In collaboration with physicians and scientists from the universities of Mainz, Tübingen and Heidelberg, Platten and his co-workers are working on the development of an IDH1(R132H+)-specific vaccine. The researchers constructed an artificial version of the IDH1 segment that contained the characteristic mutation. They synthesised a peptide consisting of 15 amino acids, which fitted exactly into the peptide-binding pocket of an MHC class II molecule on the so-called antigen-presenting cells (i.e. dendritic cells). This complex synthesis procedure was necessary because immune cells only respond to targets, in this case tumour antigens, that are presented on the surface of MHC II molecules.
The researchers knew that the IDH1 protein with the characteristic mutation was immunogenic, i.e. able to mount an immune response by forming specific antibodies, as they had previously discovered spontaneous immune responses against altered IDH1 in a number of patients with low-grade glioma.
The researchers used transgenic mice to prove that the IDH1(R132H+) peptide vaccine was effective in gliomas. Instead of carrying their own mouse-specific MHC molecules, the cells of the transgenic mice were equipped with human MHC molecules. Dr. Theresa Schumacher, first author of the study published in Nature in 2014, explains: “After vaccinating the animals with the peptide, we were able to detect immune cells and antibodies that specifically recognised the altered IDH1 of tumour cells rather than the normal form of the enzyme in healthy cells.”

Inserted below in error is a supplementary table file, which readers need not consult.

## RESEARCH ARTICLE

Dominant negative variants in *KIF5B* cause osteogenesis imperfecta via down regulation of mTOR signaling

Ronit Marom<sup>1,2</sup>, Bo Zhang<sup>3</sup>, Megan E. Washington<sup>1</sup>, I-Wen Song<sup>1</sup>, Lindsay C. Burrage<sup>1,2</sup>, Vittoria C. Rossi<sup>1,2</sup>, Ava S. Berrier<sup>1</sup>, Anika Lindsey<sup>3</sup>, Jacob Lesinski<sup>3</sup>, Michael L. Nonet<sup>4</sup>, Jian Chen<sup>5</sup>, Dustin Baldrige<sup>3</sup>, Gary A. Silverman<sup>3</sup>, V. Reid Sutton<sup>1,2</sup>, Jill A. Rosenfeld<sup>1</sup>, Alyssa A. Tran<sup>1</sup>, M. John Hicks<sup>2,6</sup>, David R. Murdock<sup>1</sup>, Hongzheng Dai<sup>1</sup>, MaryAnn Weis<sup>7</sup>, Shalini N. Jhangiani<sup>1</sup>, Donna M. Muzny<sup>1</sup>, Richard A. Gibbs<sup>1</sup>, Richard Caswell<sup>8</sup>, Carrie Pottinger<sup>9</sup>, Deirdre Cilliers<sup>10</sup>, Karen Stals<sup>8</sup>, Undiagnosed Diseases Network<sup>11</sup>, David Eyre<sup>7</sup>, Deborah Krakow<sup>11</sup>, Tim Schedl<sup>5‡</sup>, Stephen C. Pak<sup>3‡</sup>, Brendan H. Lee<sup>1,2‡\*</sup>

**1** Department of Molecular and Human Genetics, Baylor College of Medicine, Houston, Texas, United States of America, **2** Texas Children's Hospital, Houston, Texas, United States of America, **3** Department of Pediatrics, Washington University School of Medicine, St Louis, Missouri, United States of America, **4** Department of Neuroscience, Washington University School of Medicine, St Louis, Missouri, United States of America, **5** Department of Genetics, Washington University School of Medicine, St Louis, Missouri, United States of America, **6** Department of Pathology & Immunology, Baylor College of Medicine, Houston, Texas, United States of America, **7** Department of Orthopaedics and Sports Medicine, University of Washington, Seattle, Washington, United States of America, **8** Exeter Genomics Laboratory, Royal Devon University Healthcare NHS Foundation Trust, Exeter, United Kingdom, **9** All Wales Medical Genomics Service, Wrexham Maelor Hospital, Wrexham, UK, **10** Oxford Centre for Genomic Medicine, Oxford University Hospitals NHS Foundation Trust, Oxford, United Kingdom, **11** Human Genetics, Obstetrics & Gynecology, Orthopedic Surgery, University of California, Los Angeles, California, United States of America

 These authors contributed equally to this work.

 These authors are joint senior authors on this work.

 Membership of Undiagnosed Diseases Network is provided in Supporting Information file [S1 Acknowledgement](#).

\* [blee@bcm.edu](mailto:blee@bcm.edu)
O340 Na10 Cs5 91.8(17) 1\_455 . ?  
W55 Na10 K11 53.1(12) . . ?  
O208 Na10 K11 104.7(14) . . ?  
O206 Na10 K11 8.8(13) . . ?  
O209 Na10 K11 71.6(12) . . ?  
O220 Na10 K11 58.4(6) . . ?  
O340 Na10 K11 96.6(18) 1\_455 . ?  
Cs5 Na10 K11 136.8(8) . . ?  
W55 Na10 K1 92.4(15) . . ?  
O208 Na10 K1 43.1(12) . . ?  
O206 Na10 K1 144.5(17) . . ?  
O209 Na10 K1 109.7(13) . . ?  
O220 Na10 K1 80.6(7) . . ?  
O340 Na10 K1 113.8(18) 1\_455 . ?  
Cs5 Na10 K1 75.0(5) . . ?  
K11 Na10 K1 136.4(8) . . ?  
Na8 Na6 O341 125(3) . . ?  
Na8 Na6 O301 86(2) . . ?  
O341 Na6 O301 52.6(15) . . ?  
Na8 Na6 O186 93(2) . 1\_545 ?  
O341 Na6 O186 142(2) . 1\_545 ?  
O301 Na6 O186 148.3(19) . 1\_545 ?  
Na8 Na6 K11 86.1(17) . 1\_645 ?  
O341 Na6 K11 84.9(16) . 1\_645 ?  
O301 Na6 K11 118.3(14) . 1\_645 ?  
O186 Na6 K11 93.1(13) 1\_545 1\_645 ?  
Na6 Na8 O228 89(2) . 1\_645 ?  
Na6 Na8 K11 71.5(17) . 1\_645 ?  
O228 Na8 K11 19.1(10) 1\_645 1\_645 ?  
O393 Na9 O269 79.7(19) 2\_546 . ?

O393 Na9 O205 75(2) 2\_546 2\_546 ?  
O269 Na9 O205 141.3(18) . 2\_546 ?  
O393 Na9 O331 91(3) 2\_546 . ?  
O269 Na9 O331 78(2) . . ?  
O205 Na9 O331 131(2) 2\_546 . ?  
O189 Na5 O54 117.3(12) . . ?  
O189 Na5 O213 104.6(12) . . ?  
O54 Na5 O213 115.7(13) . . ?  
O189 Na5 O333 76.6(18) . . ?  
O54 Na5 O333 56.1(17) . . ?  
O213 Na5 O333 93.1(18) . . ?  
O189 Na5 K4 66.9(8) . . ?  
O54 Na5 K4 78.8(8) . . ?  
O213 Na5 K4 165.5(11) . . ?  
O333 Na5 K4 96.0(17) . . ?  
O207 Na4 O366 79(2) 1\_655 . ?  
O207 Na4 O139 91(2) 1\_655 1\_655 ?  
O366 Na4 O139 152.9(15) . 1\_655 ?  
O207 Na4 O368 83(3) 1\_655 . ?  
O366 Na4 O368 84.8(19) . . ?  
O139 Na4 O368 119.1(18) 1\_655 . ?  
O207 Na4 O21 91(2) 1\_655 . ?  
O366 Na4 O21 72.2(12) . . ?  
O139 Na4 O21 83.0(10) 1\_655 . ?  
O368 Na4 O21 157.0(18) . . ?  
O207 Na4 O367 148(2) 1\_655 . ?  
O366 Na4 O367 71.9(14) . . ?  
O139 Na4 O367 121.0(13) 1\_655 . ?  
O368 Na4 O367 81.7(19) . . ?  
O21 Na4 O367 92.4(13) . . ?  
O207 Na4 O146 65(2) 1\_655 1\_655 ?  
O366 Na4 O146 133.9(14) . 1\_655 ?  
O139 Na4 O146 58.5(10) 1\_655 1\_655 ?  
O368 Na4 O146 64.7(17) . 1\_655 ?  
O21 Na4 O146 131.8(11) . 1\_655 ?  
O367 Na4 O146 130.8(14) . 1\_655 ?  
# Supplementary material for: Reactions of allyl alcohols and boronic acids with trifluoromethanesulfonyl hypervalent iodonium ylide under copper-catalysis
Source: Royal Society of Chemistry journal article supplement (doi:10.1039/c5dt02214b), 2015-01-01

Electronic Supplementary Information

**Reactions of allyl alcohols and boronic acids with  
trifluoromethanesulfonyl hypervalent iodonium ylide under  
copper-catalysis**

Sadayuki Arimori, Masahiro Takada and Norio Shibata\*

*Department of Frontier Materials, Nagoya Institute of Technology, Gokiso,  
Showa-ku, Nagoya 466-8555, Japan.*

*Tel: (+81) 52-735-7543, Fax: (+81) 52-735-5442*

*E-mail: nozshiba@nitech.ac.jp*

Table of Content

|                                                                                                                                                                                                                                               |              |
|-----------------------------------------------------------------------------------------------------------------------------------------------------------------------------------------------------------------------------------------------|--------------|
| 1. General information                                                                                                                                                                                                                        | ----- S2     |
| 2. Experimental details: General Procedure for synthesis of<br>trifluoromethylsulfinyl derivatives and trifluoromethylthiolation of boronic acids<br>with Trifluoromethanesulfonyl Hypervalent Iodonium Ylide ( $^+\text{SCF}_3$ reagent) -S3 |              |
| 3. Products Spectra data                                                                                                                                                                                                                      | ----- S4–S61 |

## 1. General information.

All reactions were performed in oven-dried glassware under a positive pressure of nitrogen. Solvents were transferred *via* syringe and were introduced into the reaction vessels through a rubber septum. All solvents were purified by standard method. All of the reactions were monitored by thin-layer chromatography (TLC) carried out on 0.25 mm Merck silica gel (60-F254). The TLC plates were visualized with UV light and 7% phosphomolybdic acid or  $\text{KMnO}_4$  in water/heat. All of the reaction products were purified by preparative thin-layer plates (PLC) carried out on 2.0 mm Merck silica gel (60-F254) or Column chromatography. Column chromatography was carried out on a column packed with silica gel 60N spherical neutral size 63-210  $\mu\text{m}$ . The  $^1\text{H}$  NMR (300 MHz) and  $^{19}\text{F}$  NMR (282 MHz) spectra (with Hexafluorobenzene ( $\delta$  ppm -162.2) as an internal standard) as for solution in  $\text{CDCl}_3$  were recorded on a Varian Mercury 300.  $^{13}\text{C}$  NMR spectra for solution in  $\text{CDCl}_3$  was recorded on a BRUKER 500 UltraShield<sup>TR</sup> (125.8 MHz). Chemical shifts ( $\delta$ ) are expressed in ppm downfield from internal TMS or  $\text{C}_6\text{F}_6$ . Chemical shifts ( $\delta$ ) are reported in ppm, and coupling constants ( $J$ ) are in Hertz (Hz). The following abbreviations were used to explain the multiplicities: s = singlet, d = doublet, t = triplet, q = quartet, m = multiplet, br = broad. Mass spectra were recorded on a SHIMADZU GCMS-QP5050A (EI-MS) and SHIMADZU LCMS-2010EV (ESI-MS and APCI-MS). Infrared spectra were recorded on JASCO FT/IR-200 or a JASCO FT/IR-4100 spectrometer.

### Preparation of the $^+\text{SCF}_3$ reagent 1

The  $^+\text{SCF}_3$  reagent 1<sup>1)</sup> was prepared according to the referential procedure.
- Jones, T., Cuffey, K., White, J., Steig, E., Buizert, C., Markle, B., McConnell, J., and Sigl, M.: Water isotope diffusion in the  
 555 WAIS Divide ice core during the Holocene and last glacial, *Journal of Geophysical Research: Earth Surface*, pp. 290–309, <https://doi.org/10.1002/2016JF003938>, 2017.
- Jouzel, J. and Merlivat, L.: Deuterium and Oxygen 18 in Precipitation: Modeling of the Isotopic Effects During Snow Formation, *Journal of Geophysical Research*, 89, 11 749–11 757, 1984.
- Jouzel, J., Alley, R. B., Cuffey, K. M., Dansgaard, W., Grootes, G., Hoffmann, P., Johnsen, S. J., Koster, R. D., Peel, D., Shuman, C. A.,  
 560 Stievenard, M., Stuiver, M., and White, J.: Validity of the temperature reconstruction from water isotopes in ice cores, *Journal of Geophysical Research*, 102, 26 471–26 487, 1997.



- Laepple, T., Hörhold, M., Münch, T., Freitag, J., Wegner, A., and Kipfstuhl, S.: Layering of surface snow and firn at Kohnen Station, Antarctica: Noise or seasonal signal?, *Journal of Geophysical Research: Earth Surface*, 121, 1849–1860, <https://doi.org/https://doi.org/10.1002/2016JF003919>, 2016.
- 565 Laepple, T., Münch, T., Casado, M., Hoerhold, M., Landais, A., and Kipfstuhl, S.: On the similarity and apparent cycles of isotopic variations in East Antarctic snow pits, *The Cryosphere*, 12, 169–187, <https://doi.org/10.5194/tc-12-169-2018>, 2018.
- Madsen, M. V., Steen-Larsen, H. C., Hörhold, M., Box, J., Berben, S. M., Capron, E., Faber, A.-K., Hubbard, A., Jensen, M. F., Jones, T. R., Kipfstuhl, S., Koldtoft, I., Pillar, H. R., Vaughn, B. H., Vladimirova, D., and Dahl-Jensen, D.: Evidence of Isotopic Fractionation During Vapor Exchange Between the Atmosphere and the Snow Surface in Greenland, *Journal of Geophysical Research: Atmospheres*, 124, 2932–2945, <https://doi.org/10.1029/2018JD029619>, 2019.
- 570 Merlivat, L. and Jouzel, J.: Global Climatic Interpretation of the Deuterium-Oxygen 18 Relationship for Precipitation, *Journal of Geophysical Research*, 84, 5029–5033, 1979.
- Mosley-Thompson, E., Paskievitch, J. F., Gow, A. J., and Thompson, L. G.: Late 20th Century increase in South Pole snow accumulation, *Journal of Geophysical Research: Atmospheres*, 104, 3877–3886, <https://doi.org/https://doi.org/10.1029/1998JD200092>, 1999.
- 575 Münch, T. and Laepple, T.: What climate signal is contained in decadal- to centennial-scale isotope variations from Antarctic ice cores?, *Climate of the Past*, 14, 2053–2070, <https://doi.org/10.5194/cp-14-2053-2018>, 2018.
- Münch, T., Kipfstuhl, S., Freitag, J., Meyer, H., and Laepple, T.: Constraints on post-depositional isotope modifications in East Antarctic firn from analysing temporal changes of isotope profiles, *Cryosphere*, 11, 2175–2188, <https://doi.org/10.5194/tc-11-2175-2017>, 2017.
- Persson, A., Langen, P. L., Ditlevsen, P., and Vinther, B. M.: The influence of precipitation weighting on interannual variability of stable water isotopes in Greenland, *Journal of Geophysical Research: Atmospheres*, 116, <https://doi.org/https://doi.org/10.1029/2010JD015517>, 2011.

Immunohistochemical experiments also showed that T cells entered the tumours after vaccination. In the experimental animals, this specific immune response induced by the vaccine arrested the growth of cancer cells that exhibited the IDH1(R132H+) mutation. The vaccine did not disrupt the functioning of the normal IDH1 enzyme, which plays a role in the energy metabolism of all healthy cells in the body.
The animal experiments have shown that vaccines based on the peptide can support the body’s immune system in the fight against cancer cells. These results have paved the way for a clinical phase I trial to test the safety of the vaccine in humans.
The clinical trial, which is scheduled for early 2015, will be supported by the German Consortium for Translational Cancer Research (DKTK), a platform that was initiated by the German Federal Ministry of Research and Education (BMBF) and which brings together its core center, the German Cancer Research Center (DKFZ) in Heidelberg, with seven partner sites across Germany.
Original publication: Schumacher T, Bunse L, Pusch S, Sahm F, Wiestler B, Quandt J, Menn O, Osswald M, Oezen I, Ott M, Keil M, Balß J, Rauschenbach K, Grabowska AK, Vogler I, Diekmann J, Trautwein N, Eichmüller SB, Okun J, Stefanovic, Riemer AB, Sahin U, Friese MA, Beckhove P, von Deimling A, Wick W, Platten M: A vaccine targeting mutant IDH1 induces antitumour immunity. Nature 2014; 512: 324-7.